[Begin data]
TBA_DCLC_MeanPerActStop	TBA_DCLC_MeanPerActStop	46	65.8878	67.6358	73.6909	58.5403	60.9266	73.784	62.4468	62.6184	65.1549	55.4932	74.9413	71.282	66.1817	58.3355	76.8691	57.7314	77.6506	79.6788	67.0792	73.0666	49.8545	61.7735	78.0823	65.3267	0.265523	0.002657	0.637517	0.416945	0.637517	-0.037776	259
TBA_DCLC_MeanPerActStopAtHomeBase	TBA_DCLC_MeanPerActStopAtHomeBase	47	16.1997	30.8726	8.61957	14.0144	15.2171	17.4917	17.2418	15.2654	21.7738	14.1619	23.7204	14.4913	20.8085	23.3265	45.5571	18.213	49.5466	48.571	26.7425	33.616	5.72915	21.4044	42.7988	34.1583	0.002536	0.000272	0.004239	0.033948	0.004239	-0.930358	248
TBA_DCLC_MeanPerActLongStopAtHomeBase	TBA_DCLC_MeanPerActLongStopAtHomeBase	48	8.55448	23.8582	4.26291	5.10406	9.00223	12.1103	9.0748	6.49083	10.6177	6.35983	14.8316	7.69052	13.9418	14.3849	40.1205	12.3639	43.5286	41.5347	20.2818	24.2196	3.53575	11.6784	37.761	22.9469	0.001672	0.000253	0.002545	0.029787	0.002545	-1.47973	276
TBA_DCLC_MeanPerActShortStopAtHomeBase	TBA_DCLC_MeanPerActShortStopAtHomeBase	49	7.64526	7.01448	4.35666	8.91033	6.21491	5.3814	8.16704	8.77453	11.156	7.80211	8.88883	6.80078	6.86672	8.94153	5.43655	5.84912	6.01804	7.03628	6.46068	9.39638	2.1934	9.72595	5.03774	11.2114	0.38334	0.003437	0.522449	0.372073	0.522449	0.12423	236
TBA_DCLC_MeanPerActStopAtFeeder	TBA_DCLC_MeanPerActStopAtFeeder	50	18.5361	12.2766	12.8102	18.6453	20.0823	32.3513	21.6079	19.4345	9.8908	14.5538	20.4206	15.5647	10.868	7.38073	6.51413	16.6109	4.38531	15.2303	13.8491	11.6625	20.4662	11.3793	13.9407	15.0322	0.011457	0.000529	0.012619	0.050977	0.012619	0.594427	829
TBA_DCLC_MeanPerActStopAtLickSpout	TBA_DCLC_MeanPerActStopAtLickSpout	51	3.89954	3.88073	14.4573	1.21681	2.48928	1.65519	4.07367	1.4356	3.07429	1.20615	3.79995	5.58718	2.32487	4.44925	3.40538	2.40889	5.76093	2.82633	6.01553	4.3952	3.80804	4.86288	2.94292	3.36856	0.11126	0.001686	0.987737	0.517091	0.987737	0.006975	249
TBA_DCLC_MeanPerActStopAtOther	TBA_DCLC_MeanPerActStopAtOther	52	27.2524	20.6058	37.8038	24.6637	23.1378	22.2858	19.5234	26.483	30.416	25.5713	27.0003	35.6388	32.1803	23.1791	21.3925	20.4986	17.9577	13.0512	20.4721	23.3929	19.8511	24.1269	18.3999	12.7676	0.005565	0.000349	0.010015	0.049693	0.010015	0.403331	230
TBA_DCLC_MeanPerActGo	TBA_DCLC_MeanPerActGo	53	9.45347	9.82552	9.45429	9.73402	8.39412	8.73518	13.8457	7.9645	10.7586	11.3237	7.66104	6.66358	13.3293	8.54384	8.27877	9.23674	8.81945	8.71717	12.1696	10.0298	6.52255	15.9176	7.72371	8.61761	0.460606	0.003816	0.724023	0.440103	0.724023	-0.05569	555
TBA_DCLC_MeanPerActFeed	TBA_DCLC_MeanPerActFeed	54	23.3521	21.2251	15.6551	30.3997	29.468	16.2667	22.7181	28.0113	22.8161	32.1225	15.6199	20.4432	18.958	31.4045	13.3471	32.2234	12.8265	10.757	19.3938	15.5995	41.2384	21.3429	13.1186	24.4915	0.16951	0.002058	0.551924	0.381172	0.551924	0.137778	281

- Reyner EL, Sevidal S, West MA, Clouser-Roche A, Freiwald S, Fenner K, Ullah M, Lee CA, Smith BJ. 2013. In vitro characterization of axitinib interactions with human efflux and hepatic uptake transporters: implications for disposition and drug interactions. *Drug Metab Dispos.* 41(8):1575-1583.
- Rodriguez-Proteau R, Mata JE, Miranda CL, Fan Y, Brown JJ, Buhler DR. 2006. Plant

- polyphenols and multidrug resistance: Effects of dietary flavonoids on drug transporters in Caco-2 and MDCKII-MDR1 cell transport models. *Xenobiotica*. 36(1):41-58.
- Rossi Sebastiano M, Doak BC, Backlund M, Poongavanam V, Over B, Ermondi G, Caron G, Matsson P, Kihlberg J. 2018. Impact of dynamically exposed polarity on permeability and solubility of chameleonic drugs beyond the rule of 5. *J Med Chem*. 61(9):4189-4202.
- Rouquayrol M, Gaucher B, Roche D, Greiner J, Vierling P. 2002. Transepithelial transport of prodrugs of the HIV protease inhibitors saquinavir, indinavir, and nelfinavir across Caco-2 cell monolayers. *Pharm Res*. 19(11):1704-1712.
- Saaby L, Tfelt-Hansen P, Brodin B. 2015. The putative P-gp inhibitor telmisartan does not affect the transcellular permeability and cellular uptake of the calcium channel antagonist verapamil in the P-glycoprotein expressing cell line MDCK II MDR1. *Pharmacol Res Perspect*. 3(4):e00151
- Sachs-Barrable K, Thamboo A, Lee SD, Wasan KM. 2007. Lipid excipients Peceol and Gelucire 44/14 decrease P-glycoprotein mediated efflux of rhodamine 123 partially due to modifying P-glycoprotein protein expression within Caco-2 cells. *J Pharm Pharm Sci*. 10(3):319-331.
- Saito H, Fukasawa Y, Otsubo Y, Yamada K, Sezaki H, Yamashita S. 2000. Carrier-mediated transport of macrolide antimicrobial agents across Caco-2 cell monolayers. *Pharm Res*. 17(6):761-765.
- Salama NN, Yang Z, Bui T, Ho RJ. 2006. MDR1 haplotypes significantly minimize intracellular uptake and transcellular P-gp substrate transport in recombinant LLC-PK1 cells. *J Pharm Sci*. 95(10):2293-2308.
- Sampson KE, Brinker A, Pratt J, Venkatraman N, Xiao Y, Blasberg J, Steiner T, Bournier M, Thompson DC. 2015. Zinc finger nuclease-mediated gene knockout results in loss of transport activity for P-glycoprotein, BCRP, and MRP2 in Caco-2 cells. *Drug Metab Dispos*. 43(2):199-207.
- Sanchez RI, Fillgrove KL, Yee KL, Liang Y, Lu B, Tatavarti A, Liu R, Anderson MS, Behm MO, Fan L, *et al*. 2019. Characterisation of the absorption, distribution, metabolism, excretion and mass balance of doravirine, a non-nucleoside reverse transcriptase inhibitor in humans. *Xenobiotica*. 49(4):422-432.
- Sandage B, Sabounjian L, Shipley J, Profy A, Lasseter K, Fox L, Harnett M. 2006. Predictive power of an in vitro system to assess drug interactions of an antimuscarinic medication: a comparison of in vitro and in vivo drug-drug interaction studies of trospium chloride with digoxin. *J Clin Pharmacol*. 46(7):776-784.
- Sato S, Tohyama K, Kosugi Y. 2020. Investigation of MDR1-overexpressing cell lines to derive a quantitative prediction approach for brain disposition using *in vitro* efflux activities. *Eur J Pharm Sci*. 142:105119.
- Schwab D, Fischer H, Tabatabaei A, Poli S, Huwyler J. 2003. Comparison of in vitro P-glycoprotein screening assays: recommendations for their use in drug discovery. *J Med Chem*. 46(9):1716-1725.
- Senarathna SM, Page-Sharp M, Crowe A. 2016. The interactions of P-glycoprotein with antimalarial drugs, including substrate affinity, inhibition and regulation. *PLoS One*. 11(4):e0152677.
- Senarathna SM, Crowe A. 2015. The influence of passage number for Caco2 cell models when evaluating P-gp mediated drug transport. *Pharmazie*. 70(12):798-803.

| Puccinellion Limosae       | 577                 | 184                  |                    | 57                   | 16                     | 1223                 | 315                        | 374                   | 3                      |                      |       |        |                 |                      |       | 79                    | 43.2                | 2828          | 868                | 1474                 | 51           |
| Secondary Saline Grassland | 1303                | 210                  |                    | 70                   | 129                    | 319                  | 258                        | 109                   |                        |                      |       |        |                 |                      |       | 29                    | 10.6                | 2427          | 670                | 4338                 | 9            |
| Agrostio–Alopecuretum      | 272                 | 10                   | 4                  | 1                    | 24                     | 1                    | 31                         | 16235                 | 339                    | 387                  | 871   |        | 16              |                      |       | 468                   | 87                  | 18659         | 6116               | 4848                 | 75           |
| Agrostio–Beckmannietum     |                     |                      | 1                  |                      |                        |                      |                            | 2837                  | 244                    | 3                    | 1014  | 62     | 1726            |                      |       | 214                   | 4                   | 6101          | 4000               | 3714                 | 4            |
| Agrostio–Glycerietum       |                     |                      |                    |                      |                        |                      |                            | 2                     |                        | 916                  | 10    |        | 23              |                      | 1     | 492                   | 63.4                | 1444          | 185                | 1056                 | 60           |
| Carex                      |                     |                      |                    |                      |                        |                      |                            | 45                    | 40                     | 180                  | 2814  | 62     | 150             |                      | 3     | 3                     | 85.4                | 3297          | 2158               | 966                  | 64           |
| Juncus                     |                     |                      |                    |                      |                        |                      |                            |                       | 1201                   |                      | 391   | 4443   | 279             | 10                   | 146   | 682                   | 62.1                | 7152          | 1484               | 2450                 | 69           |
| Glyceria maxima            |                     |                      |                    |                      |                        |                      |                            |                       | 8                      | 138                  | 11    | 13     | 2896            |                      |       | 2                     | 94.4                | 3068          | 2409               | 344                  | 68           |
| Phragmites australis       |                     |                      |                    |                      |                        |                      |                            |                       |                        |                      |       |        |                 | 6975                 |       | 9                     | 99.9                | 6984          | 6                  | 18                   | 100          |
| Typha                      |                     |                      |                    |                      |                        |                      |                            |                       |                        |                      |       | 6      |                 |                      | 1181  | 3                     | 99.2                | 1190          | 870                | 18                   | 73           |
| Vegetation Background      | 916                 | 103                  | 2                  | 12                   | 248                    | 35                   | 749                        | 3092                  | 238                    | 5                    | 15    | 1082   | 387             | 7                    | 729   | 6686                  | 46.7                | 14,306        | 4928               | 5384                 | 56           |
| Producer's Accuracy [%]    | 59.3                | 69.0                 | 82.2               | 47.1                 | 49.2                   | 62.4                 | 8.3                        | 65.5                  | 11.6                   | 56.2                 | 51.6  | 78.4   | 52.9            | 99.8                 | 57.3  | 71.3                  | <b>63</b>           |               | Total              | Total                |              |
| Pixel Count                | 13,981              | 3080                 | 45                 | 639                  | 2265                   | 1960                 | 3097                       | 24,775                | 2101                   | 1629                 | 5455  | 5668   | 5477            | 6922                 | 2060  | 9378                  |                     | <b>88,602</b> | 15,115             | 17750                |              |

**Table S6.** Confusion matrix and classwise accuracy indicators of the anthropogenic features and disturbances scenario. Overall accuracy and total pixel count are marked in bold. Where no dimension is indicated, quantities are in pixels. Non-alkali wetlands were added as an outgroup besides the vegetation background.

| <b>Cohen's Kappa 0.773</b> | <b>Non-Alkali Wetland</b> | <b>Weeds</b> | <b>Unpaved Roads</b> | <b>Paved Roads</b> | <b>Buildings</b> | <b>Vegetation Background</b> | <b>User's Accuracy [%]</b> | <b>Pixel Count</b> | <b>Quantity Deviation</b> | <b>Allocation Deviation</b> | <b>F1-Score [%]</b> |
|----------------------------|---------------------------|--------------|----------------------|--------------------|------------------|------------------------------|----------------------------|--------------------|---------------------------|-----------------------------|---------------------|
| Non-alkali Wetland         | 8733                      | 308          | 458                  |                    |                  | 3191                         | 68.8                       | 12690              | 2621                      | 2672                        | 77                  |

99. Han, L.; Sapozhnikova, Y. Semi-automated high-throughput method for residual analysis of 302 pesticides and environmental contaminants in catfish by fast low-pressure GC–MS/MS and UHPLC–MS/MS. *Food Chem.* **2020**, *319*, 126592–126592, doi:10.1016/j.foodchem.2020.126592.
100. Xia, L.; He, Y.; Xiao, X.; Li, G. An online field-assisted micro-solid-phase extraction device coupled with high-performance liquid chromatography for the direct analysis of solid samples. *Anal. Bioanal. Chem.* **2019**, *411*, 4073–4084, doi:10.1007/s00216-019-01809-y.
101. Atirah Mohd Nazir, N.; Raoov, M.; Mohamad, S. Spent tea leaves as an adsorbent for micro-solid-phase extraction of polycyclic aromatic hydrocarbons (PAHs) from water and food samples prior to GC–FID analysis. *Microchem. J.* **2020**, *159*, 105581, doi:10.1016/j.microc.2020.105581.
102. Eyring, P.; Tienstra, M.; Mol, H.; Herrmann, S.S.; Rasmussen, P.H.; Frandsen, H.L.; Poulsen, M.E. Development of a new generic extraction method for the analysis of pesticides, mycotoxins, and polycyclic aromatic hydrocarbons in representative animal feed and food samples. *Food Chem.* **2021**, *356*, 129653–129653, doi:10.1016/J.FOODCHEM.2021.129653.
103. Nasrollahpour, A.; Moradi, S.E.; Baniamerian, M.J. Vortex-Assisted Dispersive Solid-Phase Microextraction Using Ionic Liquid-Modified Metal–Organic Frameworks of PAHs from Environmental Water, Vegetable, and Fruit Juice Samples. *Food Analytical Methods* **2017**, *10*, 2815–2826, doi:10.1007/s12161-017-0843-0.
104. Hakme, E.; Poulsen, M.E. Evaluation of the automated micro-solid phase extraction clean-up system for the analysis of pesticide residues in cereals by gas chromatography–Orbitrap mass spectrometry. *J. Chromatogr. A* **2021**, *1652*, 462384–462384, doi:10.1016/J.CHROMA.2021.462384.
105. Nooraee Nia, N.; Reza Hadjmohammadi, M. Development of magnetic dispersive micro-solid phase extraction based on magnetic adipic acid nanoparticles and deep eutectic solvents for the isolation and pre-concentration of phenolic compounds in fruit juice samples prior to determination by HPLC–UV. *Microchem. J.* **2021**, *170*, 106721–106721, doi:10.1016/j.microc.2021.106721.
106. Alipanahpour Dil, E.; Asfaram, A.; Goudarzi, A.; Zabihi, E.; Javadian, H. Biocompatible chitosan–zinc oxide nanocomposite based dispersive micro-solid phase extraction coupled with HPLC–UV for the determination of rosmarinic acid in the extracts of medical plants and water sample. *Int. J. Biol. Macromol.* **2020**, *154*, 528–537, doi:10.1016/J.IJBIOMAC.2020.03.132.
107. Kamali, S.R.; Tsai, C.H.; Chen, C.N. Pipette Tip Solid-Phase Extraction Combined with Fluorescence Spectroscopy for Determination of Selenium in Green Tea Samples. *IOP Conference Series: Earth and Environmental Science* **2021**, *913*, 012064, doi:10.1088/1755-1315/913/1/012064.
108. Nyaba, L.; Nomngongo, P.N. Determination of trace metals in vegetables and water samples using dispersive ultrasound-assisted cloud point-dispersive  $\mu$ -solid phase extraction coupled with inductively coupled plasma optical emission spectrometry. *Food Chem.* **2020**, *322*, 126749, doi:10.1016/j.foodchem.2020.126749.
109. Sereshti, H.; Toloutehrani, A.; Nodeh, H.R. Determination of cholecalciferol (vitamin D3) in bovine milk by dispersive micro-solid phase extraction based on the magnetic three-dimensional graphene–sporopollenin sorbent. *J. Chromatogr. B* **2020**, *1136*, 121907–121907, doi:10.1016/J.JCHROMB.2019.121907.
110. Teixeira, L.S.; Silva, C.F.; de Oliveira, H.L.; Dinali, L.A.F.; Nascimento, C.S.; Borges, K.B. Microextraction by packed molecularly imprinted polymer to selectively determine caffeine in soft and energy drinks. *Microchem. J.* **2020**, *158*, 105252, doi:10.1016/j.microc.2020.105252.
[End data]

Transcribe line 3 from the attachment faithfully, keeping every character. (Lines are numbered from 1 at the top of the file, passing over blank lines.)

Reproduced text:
TBA_DCLC_MeanPerActLongStopAtHomeBase	TBA_DCLC_MeanPerActLongStopAtHomeBase	48	8.55448	23.8582	4.26291	5.10406	9.00223	12.1103	9.0748	6.49083	10.6177	6.35983	14.8316	7.69052	13.9418	14.3849	40.1205	12.3639	43.5286	41.5347	20.2818	24.2196	3.53575	11.6784	37.761	22.9469	0.001672	0.000253	0.002545	0.029787	0.002545	-1.47973	276